Review by The Princess of Cups, submitted on 9-Oct-2001

The Vampire Diaries: The Awakening by L. J. Smith. This is part one in a three part series. The other two will be The Struggle and The Fury. (No hint of when they will be out.)

Published by Harper, ISBN #0-06-106097-6. Marketed as Young Adult. Cost $3.99. PB September 1991

I'm not entirely sure what is "young adult", but I guess this qualifies. The heroine is a high school senior who is "queen of the school". I didn't much like her at first, but she improved in the last 50 pages.

The vampire is a Renaissance Italian who for some foggy reason has decided to go to high school. His name is Stefan and he is, of course, absolutely beautiful.

Elena, the heroine, sets her sights on Stephan but is repeatedly humiliated by his rejection of her advances. Little does she know that she reminds Stefan of his first love--the lady who made him a vampire. Stefan is attracted to her, but refuses to give in to temptation.

Most of this story takes place in present time, with an occasional flashback to Stefan's mortal days. During the course of the books it becomes clear that Stefan's older brother, Damon, is also in the town and after Elena. Stefan and Elena do get together, but not for long.

Because Damon feeds on humans, his powers are much stronger than Stefan's. The first book of the trilogy comes to a close with Damon attacking and easily defeating Stefan, then leaving Stefan immobilized, and slowly dying. Elena almost suffers hypothermia looking for him in the first snow storm of the season. Finally she turns to one of her friends who somewhat psychic and the reader is left with the final image of Stefan's tortured and starving thoughts.

I'll admit this book was pretty light. Even the print is a little large so I managed to get through all 311 pages in about two and a half hours. The plot is a little weak, the characterization of only moderate depth, but I still liked it.

More than anything, this book reminds me of my beloved gothic books from the 1960's and early 1970's. There is nothing obviously wrong with it, but it's certainly not to be taken seriously. The violence level is low. The sexual content is limited to innuendo and a couple of passionate kisses. The blood drinking scenes are a little steamier. (I guess it's OK for young readers to get hot and bothered over drinking someone's blood, but not over a more normal expression of sexuality. *humorous sarcasm intended*)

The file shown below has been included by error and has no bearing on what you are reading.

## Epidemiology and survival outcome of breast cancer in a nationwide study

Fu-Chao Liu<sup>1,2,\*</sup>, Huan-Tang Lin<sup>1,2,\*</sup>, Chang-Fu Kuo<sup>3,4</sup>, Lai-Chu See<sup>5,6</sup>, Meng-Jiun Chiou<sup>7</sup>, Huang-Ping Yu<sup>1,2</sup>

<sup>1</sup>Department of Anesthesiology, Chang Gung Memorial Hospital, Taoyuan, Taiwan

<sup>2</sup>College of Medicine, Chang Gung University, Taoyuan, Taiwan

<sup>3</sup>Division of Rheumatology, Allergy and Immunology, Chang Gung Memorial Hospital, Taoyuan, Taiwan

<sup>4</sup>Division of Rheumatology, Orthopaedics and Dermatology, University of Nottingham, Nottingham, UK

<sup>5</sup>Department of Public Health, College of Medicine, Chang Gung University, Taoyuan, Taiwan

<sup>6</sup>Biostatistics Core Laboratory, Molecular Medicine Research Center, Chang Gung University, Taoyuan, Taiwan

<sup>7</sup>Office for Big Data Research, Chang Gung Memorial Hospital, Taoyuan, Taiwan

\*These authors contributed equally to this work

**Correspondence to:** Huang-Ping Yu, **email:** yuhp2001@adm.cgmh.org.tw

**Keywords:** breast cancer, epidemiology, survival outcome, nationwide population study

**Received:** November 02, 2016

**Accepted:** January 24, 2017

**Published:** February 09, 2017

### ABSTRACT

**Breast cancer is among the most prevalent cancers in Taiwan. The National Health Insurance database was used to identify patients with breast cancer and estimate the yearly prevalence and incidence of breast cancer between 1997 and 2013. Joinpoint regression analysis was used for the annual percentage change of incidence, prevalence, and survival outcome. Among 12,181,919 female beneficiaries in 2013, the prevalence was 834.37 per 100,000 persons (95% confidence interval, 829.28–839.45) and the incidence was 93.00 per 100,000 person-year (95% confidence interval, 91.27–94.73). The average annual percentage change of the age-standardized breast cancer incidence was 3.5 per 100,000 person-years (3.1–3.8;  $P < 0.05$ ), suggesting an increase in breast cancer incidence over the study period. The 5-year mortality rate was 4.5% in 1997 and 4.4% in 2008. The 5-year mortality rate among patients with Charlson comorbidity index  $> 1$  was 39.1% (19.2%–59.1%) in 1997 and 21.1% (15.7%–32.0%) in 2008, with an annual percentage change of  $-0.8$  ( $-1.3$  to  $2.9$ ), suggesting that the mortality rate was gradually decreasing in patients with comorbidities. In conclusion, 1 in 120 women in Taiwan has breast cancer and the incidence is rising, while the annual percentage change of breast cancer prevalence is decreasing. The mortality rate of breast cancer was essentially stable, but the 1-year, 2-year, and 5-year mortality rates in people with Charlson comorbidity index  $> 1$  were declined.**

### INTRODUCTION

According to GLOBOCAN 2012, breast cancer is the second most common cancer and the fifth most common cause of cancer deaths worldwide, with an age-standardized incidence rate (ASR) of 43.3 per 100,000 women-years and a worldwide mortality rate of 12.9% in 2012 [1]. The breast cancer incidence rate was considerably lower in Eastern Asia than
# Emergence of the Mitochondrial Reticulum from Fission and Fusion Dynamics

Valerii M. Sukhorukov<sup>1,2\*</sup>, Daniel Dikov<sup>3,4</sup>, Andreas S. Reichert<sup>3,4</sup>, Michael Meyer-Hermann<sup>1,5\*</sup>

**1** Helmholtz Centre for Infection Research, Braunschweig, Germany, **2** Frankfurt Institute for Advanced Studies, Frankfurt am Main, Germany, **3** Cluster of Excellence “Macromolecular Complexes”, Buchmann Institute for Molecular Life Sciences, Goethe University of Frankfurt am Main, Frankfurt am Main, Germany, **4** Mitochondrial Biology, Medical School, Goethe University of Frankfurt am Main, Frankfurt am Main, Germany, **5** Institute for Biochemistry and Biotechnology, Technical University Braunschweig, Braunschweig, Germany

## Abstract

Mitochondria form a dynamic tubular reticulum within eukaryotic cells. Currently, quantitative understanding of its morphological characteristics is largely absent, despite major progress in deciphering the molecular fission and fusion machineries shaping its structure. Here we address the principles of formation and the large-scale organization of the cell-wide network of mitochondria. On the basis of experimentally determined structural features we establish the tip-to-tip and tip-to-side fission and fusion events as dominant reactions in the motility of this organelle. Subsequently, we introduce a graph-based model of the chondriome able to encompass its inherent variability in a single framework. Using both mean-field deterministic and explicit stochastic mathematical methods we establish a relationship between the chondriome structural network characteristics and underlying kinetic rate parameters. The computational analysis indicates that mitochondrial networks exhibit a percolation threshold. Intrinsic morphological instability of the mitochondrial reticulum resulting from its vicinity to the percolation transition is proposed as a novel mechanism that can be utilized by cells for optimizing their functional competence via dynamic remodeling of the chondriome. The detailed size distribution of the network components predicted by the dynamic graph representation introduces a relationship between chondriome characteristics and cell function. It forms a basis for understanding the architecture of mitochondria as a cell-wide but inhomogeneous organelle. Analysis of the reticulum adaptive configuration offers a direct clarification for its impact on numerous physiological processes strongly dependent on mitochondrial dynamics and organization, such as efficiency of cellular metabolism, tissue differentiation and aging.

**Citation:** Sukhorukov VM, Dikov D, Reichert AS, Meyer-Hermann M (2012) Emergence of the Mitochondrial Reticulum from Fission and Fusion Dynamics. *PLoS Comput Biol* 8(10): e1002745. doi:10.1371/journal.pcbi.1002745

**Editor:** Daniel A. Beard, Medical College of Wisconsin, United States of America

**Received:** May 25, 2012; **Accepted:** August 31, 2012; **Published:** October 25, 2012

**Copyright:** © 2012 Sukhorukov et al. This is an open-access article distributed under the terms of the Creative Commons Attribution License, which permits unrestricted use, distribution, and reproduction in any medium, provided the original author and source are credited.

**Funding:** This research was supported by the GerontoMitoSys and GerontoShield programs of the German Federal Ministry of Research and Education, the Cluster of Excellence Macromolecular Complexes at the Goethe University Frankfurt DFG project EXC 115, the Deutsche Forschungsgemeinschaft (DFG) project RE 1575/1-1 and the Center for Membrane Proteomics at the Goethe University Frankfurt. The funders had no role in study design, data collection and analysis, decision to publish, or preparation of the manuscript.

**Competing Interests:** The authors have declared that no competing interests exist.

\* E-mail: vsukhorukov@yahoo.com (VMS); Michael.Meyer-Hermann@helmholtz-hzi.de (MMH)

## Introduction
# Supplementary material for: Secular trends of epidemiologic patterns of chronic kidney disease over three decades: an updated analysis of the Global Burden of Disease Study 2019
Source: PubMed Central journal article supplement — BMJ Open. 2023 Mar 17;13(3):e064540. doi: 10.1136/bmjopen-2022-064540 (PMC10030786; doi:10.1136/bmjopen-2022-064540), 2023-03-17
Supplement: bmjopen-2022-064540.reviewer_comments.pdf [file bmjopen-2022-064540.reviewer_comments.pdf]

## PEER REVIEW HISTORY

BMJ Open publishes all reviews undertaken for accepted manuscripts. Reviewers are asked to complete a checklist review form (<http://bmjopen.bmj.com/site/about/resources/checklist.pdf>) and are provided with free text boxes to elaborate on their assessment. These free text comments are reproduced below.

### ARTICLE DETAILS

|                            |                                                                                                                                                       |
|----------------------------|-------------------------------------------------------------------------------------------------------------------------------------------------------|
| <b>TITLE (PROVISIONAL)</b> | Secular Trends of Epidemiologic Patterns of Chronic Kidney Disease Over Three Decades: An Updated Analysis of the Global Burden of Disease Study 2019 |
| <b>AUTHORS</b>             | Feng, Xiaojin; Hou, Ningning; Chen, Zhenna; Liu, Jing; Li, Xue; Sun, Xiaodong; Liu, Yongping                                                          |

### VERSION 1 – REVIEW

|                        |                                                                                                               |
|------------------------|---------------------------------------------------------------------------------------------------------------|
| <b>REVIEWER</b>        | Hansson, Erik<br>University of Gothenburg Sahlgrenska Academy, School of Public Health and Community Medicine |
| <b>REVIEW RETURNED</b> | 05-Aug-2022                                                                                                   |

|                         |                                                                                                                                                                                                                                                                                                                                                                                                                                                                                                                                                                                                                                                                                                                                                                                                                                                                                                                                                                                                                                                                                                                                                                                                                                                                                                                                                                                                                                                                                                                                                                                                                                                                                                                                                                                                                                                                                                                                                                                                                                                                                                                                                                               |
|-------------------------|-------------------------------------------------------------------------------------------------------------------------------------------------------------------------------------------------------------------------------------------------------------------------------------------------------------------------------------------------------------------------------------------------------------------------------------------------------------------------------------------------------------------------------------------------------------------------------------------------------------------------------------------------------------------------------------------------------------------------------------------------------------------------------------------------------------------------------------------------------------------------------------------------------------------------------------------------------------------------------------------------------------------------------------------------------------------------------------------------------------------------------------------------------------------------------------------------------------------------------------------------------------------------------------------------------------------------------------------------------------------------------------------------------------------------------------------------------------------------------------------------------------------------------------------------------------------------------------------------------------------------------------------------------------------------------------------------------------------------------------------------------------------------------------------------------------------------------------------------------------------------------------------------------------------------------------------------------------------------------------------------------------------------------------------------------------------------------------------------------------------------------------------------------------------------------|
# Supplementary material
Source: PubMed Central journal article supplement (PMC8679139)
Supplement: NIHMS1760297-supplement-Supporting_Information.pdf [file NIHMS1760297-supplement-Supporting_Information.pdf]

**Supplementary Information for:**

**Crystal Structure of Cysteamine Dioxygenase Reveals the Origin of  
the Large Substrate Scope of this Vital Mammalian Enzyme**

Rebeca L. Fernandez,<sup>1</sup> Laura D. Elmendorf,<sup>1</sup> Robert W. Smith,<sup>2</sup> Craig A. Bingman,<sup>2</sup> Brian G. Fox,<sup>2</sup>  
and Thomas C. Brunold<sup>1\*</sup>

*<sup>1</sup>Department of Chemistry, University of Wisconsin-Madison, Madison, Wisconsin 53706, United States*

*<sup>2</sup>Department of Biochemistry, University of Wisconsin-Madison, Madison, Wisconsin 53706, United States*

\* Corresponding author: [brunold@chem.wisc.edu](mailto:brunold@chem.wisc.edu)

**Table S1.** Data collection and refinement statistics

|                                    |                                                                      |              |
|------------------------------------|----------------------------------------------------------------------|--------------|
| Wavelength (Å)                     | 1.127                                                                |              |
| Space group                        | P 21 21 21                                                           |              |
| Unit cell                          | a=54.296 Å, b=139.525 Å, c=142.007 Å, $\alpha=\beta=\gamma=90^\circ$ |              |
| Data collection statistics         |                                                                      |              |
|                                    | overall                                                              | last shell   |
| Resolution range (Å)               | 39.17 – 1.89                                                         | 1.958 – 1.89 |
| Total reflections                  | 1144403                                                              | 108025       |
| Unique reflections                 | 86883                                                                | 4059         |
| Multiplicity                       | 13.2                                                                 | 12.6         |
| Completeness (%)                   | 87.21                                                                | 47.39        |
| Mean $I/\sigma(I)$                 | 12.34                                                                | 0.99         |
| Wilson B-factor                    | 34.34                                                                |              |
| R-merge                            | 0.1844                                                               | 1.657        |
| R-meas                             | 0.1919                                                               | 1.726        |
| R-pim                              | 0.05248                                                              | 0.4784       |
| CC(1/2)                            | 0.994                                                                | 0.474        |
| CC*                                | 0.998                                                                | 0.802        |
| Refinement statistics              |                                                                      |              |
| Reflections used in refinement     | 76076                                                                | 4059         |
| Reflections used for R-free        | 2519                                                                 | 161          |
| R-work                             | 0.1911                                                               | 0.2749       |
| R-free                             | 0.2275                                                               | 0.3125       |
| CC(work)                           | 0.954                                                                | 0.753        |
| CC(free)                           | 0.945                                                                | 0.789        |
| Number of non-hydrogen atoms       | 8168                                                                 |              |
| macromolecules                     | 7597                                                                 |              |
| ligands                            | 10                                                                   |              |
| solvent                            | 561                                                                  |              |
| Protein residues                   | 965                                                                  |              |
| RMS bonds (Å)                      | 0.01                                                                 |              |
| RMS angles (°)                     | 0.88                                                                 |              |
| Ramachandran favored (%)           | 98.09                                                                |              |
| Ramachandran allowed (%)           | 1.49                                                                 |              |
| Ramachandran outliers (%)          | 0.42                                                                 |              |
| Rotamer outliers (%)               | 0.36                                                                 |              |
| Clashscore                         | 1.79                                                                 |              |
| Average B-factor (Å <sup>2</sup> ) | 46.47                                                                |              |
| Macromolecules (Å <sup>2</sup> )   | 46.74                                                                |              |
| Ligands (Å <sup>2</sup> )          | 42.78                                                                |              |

If I couldn't get the Wal-mart's 25% discount on books, I might hesitate to get the other two parts of this trilogy. As it is, I'll probably buy them.

Fanged Films

From the Library

As the 20th century evolved, rational man turned to science to explain mythology that had pervaded for thousands of years. How could a man be mistaken for a vampire? How could someone appear to have been the victim of a vampire attack? Science, in time, came back with answers that may surprise you.Anemia
A million fancies strike you when you hear the name: Nosferatu!N O S F E R A T Udoes not die!What do you expect of the first showing of this great work?Aren't you afraid? - Men must die. But legend has it that a vampire, Nosferatu, 'der Untote' (the Undead), lives on men's blood! You want to see a symphony of horror? You may expect more. Be careful. Nosferatu is not just fun, not something to be taken lightly. Once more: beware.- Publicity for Nosferatu in the German magazine Buhne und Film, 1922  

Drawn to Vamps?

Vol. 3 No. 2
The Vampire Witch
Vol. 1 No. 15
Death Of A Monster!